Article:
Daily entries from the 17th century London diary
sample of his work lifted from http://www.fullbooks.com/Literary-Remains-1-6.htmlSCENE IV.
[Scene--Sir Frederick's Lodging.]
[Enter DUFOY and CLARK.]
CLARK.I wonder Sir Frederick stays out so late.
DUFOY.Dis is noting; six, seven o'clock in the morning is ver good hour.
CLARK.I hope he does not use these hours often.
DUFOY.Some six, seven time a veek; no oftiner.
CLARK.My Lord commanded me to wait his coming.
DUFOY.Matre Clark, to divertise you, I vill tell you, how I did get beacquainted vid dis Bedlam Matre. About two, tree year ago me had formy convenience discharge myself from attending[Enter a footboy]as Matre D'ostel to a person of condition in Parie; it hapen after dedispatch of my little affaire.
FOOTBOY.That is, after h'ad spent his money, Sir.
DUFOY.Jan foutrede lacque; me vil have vip and de belle vor your breeck,rogue.
FOOTBOY.Sir, in a word, he was a Jack-pudding to a mountebank, and turned offfor want of wit: my master picked him up before a puppet-show,mumbling a half-penny custard, to send him with a letter to the post.
DUFOY.Morbleu, see, see de insolence of de foot boy English, bogre, rascale,you lie, begar I vill cutte your troate.
CLARK.He's a rogue; on with your story, Monsieur.
DUFOY.Matre Clark, I am your ver humble serviteur; but begar me have nopatience to be abuse. As I did say, after de dispatche of my affaire,von day being idele, vich does produce the mellanchollique, I didvalke over de new bridge in Parie, and to divertise de time, and mymore serious toughte, me did look to see de marrionete, and dejack-pudding, vich did play hundred pretty tricke; time de collationvas come; and vor I had no company, I vas unvilling to go to deCabarete, but did buy a darriole, littel custarde vich did satisfie myappetite ver vel: in dis time young Monsieur de Grandvil (a jentelmanof ver great quality, van dat vas my ver good friende, and has done mever great and insignal faveure) come by in his caroche vid dis SirFrolick, who did pention at the same academy, to learn, de language,de bon mine, de great horse, and many oder tricke. Monsieur seeing medid make de bowe and did becken me to come to him: he did telle me datde Englis jentelman had de lettre vor de poste, and did entreate me(if I had de opportunity) to see de lettre delivere: he did telle metoo, it void be ver great obligation: de memory of de faveurs I hadreceived from his famelye, beside de inclination I naturally have toserve de strangere, made me returne de complemen vid ver greatcivility, and so I did take de lettre and see it delivere. SirFrollick perceiving (by de management of dis affairZ) dat I vas mand'esprit, and of vitte, did entreate me to be his serviteur; me didtake d'affection to his persone, and was contente to live vid him, tocounsel and advise him. You see now de lie of de bougre de lacqueEnglishe, morbleu.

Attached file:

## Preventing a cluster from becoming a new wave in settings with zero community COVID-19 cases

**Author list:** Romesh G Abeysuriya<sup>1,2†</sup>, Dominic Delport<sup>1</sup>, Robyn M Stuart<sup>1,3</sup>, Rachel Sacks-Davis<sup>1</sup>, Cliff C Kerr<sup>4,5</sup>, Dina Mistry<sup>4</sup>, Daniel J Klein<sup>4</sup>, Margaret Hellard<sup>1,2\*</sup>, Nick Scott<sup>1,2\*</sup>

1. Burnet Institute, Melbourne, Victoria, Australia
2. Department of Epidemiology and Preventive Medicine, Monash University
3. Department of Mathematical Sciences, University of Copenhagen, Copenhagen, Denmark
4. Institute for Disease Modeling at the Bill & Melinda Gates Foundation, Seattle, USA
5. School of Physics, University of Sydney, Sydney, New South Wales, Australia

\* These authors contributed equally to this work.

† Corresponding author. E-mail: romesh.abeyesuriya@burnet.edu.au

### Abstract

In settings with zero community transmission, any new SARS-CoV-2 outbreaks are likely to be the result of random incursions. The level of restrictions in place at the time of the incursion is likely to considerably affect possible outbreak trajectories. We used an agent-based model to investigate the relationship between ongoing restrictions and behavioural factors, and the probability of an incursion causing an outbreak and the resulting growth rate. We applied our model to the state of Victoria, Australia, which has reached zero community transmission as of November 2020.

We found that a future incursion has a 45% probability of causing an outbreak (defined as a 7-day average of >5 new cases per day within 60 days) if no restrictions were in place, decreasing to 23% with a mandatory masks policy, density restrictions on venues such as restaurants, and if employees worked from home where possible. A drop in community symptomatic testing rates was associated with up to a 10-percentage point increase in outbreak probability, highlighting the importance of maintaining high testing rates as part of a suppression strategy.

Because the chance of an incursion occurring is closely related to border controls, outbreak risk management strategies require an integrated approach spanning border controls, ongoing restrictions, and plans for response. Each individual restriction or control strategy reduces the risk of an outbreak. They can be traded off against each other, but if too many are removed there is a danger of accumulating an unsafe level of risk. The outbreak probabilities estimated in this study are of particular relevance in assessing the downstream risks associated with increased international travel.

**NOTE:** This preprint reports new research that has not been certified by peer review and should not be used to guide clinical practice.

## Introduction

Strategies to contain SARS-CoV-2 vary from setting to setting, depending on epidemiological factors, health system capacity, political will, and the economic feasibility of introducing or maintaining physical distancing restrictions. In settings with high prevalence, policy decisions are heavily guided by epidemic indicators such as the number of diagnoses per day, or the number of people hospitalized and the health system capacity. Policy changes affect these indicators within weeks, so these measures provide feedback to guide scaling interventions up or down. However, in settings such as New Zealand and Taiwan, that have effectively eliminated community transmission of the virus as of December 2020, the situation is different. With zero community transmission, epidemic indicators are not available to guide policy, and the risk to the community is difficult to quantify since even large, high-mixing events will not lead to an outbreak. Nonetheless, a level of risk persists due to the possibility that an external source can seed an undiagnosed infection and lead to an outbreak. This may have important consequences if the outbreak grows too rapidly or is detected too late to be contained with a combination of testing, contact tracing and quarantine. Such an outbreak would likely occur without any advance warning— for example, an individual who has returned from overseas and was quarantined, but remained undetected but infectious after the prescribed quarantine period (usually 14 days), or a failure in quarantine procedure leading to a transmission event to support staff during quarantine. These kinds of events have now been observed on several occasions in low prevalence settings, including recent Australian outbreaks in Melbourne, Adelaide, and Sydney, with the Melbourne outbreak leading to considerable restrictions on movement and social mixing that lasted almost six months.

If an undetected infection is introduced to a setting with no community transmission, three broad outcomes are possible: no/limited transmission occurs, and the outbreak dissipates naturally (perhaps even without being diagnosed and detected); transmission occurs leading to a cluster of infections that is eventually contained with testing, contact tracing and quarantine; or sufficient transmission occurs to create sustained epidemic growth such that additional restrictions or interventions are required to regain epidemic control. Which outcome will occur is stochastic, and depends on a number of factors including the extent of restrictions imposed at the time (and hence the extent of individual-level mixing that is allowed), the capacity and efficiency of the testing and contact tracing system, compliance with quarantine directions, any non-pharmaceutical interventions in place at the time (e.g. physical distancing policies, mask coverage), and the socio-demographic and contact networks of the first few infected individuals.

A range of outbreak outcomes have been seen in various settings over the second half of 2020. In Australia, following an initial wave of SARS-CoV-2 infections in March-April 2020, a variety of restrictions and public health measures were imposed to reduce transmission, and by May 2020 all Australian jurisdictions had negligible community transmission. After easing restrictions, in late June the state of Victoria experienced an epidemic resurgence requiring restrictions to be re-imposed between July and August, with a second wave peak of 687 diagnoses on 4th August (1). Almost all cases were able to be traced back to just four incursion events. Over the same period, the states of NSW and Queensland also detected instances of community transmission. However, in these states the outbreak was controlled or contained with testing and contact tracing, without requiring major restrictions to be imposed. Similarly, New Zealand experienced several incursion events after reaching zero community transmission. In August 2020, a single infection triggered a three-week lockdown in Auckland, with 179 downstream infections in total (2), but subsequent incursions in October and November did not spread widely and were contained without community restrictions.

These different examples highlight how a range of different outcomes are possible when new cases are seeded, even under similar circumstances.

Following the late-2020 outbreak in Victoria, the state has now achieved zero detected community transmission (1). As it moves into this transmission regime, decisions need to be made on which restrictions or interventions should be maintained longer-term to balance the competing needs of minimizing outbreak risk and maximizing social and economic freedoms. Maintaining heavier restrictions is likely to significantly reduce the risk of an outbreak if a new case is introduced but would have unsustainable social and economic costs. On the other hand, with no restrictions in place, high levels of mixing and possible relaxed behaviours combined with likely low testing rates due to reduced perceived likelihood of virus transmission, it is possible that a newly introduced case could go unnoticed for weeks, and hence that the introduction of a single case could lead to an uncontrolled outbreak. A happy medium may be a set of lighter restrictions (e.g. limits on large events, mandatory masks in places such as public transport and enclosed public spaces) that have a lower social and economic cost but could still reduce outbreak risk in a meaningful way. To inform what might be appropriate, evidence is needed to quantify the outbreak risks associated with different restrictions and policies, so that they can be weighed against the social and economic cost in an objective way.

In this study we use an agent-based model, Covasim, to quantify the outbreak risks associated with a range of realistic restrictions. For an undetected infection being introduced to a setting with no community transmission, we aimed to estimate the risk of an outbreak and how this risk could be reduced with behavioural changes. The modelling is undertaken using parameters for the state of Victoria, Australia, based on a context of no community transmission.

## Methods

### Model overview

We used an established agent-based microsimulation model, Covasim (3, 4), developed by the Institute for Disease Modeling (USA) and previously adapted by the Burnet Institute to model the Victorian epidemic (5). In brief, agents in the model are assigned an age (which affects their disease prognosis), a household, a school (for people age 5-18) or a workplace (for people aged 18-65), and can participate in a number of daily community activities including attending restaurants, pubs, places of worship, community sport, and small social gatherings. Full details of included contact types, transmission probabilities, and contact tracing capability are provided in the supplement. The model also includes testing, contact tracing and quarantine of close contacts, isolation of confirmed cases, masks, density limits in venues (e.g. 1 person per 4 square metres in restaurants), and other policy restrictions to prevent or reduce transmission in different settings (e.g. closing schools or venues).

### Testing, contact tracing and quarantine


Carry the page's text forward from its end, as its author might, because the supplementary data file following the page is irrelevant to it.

Sam was disappointed but it was spoken about and has affected theater world.references to his works is available via google.
http://books.google.com/books?id=w_xBAAAAIAAJ&p... Etherege 1636-1692?
George Etherege 1636-1692?
English playwright and poet.INTRODUCTION
Etherege has been credited as a principal founder of the comedy of manners tradition in English drama. This dramatic genre represents the satirical exploitation of the manners and fashions of the aristocratic class on the stage for the aristocracy's own amusement. Critics have acknowledged Etherege as an accomplished writer of wit, speculating that his comedic voice was shaped by his experiences as a young traveler in France, where he likely witnessed the pioneering social comedy of Molière as well as the ostentatious display of Parisian court fashion and manners. Based on these experiences, Etherege wrote comedies in which he affectionately yet incisively parodied Carolinian attitudes toward a vast array of ideological concerns, including sexuality, naturalism, fashion, and social class. Despite achieving celebrity as a playwright during his lifetime, popular interest in Etherege and his comedies declined significantly in succeeding centuries, to the point that his plays are rarely performed for modern audiences.
[Etheredge, George, Sir, 1635?-1691.]The comical revenge; or, love in a tub. Acted at His Highness the Duke of York’s Theatre in Lincolns-Inn-Fields. Licensed, July 8. 1664. Roger L’Estrange.London : printed for Henry Herringman, and are to be sold at his shop at the Blew-Anchor, in the lower walk of the New-Exchange, 1664.
4to., , 71,  p. Dedication signed: Geo. Etherege.Wing (CD-ROM, 1996), E3368
The Comical Revenge, or Love in a Tub [the text]
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